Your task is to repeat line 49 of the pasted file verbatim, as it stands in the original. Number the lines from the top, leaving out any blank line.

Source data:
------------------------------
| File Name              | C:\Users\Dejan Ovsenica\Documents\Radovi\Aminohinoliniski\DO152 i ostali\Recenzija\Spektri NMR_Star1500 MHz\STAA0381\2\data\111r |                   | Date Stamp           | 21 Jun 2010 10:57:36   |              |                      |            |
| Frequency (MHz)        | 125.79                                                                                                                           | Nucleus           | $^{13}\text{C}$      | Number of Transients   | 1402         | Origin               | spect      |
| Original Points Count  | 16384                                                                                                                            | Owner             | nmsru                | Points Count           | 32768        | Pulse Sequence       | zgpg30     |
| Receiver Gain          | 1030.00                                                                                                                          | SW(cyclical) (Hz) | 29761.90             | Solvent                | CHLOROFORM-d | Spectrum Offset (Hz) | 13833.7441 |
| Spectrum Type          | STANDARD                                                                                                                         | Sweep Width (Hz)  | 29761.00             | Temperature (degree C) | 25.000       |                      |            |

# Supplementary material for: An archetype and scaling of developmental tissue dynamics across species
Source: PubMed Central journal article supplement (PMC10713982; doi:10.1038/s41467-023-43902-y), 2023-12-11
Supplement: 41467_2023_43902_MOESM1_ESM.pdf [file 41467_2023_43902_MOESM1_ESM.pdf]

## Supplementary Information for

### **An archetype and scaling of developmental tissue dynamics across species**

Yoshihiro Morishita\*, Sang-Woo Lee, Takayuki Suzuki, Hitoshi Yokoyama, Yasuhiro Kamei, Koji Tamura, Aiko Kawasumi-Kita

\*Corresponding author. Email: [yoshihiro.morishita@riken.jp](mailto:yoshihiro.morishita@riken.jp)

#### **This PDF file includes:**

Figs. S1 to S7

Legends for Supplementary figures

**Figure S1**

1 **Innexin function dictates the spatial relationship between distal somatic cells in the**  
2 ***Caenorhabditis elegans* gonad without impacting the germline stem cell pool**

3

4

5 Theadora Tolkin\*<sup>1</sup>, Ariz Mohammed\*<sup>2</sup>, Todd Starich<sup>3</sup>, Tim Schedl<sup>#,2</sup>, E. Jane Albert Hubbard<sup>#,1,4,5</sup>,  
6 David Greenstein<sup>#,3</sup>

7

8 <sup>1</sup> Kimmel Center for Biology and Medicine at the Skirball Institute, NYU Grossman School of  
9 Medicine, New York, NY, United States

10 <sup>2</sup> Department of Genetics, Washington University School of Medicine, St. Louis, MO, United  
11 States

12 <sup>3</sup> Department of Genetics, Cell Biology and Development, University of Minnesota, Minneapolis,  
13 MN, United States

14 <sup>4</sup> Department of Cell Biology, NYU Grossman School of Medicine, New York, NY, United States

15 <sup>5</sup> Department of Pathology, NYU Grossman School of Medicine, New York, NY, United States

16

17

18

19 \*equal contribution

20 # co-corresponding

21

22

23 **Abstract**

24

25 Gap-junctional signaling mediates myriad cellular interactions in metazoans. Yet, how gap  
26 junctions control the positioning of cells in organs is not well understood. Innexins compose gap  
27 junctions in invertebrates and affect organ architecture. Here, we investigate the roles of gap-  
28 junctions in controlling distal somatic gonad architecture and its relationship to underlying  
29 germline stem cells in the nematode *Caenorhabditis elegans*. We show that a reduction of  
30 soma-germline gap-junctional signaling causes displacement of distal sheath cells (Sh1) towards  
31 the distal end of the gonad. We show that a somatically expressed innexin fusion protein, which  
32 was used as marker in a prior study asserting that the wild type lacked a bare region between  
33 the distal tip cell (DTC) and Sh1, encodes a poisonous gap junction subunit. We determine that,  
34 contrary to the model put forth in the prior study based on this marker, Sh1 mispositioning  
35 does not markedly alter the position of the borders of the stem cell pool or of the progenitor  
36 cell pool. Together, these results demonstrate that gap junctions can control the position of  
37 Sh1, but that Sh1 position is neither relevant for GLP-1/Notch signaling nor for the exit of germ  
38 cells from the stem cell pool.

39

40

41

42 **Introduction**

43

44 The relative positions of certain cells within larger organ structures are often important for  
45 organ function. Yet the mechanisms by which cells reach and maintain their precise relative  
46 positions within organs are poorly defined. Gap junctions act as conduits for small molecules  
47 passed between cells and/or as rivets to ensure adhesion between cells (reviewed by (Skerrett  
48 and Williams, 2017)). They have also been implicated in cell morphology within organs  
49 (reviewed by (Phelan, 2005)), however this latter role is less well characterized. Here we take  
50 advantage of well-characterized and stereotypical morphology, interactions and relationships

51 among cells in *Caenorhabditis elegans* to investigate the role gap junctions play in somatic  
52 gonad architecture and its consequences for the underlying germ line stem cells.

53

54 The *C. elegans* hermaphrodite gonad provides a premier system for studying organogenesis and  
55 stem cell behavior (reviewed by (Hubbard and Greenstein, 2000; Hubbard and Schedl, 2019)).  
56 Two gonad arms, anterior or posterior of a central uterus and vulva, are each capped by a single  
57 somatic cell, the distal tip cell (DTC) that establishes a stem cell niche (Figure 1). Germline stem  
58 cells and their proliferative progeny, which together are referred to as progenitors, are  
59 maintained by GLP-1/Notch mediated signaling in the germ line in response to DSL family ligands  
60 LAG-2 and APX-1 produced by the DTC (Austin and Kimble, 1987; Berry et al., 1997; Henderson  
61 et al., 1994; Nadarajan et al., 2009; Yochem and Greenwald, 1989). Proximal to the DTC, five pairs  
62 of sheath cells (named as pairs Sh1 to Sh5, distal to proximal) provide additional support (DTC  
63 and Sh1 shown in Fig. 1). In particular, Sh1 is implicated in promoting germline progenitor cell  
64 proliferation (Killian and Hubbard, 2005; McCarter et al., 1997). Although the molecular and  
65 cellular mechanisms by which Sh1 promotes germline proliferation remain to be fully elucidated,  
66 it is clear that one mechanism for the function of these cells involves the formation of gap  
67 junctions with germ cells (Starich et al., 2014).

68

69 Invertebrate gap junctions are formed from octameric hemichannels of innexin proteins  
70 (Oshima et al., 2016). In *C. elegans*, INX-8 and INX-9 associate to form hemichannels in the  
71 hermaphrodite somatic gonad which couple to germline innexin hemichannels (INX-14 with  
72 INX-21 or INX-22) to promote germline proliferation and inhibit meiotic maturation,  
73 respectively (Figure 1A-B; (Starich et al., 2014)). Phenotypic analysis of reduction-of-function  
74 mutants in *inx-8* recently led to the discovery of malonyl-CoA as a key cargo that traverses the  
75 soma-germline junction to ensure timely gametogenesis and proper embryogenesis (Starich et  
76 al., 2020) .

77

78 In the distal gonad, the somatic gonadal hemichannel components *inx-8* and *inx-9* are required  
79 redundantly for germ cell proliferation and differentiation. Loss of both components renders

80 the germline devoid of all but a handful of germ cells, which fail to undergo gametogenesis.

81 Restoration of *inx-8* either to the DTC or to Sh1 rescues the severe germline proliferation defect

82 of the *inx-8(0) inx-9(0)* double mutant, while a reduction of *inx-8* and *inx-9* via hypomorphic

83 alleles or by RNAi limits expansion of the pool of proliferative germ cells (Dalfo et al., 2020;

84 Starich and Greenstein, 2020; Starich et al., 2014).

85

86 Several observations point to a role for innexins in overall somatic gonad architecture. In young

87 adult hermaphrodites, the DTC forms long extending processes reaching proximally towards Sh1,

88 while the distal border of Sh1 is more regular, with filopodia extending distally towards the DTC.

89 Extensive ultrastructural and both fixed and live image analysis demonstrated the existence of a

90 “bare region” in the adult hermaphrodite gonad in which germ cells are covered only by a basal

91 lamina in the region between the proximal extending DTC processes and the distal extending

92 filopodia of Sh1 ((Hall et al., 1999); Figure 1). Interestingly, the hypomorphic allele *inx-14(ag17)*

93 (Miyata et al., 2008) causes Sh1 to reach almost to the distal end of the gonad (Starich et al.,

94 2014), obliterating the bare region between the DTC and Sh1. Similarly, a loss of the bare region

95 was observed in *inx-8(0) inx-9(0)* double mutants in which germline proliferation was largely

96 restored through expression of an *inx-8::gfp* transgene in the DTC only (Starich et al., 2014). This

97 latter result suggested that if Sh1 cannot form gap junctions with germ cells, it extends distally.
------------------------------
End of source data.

33 the distal tip cell (DTC) and Sh1, encodes a poisonous gap junction subunit. We determine that,  